pcba vs pcb

Environment Impact Analysis: Responsible Decision Making

Electronics manufacturing typically leaves an environmental footprint due to the materials used and waste produced, particularly PCBAs and PCBs, which pose unique disposal challenges due to their materials such as metal and fiberglass content. Improper disposal could pose severe environmental consequences.

PCBAs contain numerous components, which means they contain more materials that may be hazardous, such as lead. Although much of the modern electronics industry has moved toward RoHS compliance and uses lead-free solders, manufacturers and end-users still bear responsibility for responsible disposal and recycling practices.

Concluding: Navigating the PCBA vs PCB Decision

The choice PCBA vs PCB fabrication depends on several variables, including your intended use, device complexity, budget constraints and level of expertise available to you. While PCBAs typically come with higher price tags they also bring greater functionality and reliability than PCBs; alternatively PCBs may be suitable for simpler devices with limited budgets.

Understanding the differentiating characteristics of PCBA vs PCB provides valuable insights for both manufacturers and hobbyists, enabling them to make more informed decisions, get more out of their designs, and deliver high-performance, reliable, cost-effective electronic solutions.

This article has provided you with not only an understanding of the technical differences between PCBs and PCBAs but also with insights into their production processes, applications, and environmental impacts. Much like any electronic device has its own purposeful role to fill, so does each PCB or PCBA have unique qualities to contribute – something which keeps electronics fascinatingly dynamic! Whether for professional projects or DIY endeavors alike, understanding these subtle nuances between them could make all the difference in outcomes.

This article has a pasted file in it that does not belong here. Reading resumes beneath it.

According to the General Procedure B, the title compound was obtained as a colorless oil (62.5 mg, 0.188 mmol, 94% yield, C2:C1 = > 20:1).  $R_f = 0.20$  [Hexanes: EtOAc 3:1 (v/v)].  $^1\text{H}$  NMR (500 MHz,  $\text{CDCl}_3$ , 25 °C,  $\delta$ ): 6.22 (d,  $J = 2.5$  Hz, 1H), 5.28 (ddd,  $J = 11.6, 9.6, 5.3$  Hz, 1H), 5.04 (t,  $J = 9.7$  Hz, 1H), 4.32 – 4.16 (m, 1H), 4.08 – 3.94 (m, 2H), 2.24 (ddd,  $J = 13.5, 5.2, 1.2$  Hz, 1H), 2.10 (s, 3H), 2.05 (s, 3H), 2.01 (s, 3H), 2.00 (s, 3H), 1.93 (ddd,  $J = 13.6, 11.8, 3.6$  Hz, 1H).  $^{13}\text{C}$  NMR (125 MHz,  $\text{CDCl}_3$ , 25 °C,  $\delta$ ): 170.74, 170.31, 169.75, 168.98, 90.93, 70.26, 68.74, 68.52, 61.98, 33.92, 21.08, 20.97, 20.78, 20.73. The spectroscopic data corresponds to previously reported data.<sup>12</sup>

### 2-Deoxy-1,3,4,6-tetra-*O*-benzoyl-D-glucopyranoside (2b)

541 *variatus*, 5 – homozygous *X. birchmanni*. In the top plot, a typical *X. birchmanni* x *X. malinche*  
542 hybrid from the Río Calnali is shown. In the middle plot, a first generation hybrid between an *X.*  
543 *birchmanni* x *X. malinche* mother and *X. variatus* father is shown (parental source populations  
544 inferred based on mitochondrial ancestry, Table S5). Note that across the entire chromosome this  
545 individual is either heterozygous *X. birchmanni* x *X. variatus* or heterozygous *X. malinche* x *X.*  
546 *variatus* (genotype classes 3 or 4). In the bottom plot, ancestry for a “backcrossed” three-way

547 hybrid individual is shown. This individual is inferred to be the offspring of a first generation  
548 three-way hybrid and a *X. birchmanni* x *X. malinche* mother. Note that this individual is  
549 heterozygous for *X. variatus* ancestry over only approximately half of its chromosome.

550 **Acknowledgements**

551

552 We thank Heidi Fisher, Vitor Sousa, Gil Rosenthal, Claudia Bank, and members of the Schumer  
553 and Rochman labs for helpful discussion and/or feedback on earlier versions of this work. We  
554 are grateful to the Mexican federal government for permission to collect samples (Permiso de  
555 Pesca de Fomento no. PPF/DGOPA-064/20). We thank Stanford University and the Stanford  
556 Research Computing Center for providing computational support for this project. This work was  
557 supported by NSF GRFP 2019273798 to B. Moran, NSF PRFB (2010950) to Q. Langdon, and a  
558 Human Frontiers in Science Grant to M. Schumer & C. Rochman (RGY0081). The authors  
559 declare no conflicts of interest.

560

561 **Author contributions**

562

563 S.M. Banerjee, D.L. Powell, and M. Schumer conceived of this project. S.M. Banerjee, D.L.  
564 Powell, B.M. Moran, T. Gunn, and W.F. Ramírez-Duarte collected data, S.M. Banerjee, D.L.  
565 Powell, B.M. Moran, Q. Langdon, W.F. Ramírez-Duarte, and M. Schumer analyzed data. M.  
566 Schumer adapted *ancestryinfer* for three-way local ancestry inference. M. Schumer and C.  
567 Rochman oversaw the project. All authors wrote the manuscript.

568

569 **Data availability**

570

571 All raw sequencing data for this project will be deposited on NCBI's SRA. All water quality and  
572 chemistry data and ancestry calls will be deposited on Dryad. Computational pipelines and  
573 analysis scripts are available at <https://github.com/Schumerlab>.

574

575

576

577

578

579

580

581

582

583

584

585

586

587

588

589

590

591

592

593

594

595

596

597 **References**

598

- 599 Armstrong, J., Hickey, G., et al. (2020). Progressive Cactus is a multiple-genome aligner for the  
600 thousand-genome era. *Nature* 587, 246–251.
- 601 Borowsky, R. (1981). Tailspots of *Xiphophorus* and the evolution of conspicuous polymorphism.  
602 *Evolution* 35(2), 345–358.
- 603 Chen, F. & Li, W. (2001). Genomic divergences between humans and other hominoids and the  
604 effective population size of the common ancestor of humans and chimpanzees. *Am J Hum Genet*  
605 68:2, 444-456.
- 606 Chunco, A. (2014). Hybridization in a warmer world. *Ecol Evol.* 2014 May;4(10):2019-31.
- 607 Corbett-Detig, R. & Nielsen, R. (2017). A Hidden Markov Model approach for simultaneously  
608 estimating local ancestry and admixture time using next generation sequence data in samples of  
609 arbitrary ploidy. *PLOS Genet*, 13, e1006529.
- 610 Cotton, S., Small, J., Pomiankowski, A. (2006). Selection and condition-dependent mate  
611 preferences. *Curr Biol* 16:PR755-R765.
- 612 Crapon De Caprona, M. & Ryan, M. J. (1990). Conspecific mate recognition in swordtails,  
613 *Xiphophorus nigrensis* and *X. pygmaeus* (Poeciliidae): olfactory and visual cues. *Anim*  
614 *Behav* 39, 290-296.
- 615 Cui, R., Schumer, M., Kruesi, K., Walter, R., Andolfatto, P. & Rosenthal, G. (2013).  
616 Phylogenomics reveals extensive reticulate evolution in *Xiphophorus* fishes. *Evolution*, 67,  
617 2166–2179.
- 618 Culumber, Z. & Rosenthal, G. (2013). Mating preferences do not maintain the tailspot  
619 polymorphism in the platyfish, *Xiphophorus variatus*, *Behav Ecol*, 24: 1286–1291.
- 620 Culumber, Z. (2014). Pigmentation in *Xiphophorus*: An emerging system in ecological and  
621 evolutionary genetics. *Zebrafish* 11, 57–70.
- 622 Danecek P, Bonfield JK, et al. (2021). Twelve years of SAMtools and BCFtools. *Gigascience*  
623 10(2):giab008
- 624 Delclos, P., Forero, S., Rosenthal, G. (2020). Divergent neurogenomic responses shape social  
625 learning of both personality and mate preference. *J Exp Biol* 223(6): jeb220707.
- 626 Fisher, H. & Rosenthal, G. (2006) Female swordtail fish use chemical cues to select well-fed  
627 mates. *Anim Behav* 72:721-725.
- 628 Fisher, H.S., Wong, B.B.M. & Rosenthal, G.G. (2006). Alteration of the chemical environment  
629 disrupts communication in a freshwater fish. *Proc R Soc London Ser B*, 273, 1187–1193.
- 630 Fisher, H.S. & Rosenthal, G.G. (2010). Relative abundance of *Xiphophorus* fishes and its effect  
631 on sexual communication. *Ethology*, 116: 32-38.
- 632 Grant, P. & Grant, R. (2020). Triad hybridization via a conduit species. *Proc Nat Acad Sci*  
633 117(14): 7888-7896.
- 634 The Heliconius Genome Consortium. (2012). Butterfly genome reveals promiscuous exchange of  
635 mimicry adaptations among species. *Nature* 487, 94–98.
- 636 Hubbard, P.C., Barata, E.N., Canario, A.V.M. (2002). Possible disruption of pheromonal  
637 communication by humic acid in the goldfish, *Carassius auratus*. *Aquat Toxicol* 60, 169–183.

1. Q: What does PCB stand for?
    A: PCB stands for Printed Circuit Board. It’s a board that mechanically supports and electrically connects electronic components using conductive tracks, pads, and other features.
  2. Q: What is a PCBA?
    A: PCBA stands for Printed Circuit Board Assembly. It’s a PCB that has been fully assembled with electronic components.
  3. Q: What’s the main difference PCB vs PCBA?
    A: The significant difference is that a PCB is the board itself, while a PCBA is the completed board with all the electronic components mounted and soldered on it.
  4. Q: How does the manufacturing process differ between PCBs and PCBAs?
    A: PCB manufacturing involves creating the bare board, while PCBA involves soldering the components onto the board, often through a process called reflow soldering.
  5. Q: Are there different testing processes for PCBs and PCBAs?
    A: Yes, PCBs are typically inspected for quality and integrity of the board itself. PCBAs, on the other hand, undergo functional testing in addition to inspection to ensure all components are correctly mounted and the board functions as intended.
  6. Q: When would I purchase a PCB vs PCBA?
    A: If you have the resources to mount and solder the components, you might purchase the PCBs and components separately. But if you need a completed, functioning board, you would purchase a PCBA.
  7. Q: Can a PCB become a PCBA?
    A: Yes, a PCB becomes a PCBA once all the components are correctly positioned on the PCB, and a soldering process has bonded the components to the board.
  8. Q: What is Surface Mount Technology (SMT) in relation to PCBA?
    A: Surface Mount Technology is a method used frequently in the process of making a PCBA. It involves placing components directly onto the surface of PCBs.
  9. Q: Can any PCB be made into a PCBA?
    A: Yes, provided that the design files (including a bill of materials with specified components) are available and the appropriate components can be sourced.
  10. Q: What industries commonly use PCBAs?
    A: Numerous industries use PCBAs, including, but not limited to, the electronics, medical, telecommunication, automotive, and aerospace industries.